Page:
The Formula

There is probably a formula in policy studies that expresses the gap between the rights and entitlement of vulnerable people to certain level of service, and the quality and quantity of the service that they are actually receiving. Its the gap that Steve Broach writes about regularly in his blog RightsinReality and it is something  that shapes the everyday lives of everybody who is dependent upon the help of governments in order to live anything like an ordinary life.

If it does exist this formula will have number of constants, variables and ratio’s in it. For example there will be an inverse relationship between overall levels of “funding” and the size of the gap. In times of plenty we might expect the gap between rights and reality to shrink – although given the tendency for the industry of care to absorb additional funding without the benefits of that funding being passed onto vulnerable people themselves – we obviously can’t expect the relationship to be direct. It is more likely that for every £2-3 of additional funding £1 will get spent on the person concerned.

The next thing that would need to be fed into the formula would be the relative efficiency of the government public relations machine. The more effective it is in creating the illusion of provision, the greater the gap between rights and reality becomes. In order to achieve this efficiency a government requires the agreement and loyalty of its civil and public services. This doesn’t mean that they can’t challenge the government it just means that they have to do it within the bounds of certain parameters – they can rock the boat but they always have to remember that they are also dependent on it for their own livelihoods.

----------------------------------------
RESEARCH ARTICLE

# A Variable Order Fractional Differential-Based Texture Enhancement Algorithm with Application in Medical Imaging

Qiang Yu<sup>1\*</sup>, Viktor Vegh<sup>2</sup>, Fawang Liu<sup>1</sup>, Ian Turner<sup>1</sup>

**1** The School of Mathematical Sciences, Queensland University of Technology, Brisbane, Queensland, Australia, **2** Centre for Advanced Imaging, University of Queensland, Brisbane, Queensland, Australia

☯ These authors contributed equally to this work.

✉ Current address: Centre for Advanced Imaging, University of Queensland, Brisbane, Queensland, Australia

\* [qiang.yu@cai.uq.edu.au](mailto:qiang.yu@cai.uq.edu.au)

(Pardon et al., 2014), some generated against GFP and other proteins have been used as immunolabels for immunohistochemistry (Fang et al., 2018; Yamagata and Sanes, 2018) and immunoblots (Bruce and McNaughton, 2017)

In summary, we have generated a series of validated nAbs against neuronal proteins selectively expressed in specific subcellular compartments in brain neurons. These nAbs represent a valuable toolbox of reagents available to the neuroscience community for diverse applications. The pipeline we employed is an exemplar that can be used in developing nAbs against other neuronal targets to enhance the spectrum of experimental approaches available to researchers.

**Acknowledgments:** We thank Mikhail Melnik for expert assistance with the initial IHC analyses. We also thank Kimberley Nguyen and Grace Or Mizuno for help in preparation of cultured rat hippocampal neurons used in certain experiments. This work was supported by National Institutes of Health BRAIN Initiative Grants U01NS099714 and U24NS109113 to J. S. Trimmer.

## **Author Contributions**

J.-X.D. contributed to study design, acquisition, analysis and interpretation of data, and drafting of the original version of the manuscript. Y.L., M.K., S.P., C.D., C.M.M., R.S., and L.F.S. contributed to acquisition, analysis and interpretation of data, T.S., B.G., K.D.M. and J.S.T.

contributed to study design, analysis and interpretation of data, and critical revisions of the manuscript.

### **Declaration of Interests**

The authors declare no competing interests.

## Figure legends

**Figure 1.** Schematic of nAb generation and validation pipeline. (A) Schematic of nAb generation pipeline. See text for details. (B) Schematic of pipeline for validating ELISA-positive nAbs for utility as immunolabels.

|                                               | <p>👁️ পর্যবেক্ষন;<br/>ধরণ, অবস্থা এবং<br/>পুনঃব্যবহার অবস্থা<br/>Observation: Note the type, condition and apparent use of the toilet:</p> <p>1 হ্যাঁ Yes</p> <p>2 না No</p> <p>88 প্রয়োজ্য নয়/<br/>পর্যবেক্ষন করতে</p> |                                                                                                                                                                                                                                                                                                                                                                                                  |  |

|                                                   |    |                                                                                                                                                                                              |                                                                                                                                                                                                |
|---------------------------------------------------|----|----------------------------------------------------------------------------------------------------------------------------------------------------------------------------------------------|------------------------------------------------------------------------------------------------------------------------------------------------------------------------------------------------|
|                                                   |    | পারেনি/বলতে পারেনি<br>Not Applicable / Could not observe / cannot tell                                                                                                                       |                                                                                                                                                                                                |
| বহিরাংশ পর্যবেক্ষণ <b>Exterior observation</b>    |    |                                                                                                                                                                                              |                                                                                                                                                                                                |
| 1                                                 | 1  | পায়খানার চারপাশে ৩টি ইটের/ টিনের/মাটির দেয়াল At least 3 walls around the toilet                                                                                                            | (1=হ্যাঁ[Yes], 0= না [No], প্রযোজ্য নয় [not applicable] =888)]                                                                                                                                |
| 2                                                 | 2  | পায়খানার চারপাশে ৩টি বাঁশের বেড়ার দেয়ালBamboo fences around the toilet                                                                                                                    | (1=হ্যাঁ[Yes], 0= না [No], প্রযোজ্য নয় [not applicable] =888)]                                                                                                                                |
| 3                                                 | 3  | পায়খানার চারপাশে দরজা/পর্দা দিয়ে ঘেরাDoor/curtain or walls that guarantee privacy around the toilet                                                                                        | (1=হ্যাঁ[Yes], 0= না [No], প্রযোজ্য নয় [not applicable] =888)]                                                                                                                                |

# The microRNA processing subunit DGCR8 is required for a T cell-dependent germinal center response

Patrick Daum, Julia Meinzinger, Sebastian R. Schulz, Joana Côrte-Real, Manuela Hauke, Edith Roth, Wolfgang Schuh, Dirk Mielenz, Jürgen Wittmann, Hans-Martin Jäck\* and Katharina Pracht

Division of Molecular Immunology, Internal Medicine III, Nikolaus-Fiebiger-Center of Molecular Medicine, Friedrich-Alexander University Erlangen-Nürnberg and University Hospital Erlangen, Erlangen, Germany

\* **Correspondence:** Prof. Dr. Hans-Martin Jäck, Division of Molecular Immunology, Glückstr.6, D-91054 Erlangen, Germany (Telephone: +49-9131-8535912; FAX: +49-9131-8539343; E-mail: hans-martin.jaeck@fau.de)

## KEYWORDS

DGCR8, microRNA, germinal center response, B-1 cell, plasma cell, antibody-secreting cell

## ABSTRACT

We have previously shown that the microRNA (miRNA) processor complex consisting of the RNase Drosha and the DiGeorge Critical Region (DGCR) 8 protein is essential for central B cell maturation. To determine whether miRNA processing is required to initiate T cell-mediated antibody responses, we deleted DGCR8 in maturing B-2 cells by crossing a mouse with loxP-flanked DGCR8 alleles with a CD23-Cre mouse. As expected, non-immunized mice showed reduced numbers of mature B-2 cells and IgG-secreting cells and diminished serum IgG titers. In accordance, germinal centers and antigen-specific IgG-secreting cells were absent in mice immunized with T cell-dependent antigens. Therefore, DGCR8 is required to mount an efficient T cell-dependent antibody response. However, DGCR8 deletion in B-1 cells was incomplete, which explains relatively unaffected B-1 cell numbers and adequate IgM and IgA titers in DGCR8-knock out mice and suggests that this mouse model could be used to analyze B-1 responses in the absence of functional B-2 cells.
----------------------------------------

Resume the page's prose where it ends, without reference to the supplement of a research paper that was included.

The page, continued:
Nevertheless for the public relations consensus to be truly effective the government has to co-opt other players into the process. These “stakeholders” will be in the media, in the voluntary sector and increasingly in co-opted stakeholder groups. They will of course get a piece of the action and in return for that they will accept the need to be buy into the agenda of the day. A government’s ability to co-opt non governmental organisations has been facilitated by the growth in the role of the voluntary sector in service delivery and competition for government contracts.

Other ways in which the growth of the gap can be supported involves restricting access to data – for example by reducing  the remit of the Audit Commission or indeed closing it altogether, and of course by making University funding restrictive and increasingly competitive. Then of course there is the strategy of restricting legal aid and judicial review. All of this helps governments to conceal the discrepancy between rights and reality but occasionally things slip – another child in care may die or an organisation may get filmed brutalising vulnerable people – and then a different kind of strategy has to kick in.

Mark Neary covered this fall back process brilliantly in his blog: Bubble, Hell and Squeak . When things go wrong there are templates and taskforces and endless expressions of dismay and perhaps then the gap between rights and reality might close a little – probably no more than a nanometre – before the spotlight moves on and nothing really changes. But Mark Neary is right about another thing – it is time to use the law we have.

We need to measure the gap between our rights and our reality. We need to find out just how many individuals and families are having their rights ignored and then we need use the law, legal aid and crowd funding to make our rights a reality. The formula that allows a government to hide the reality of its citizens lives only works if we allow it to – it only works if people are unable to share the reality of their experiences and to measure those experiences against the rights and entitlements that we already have.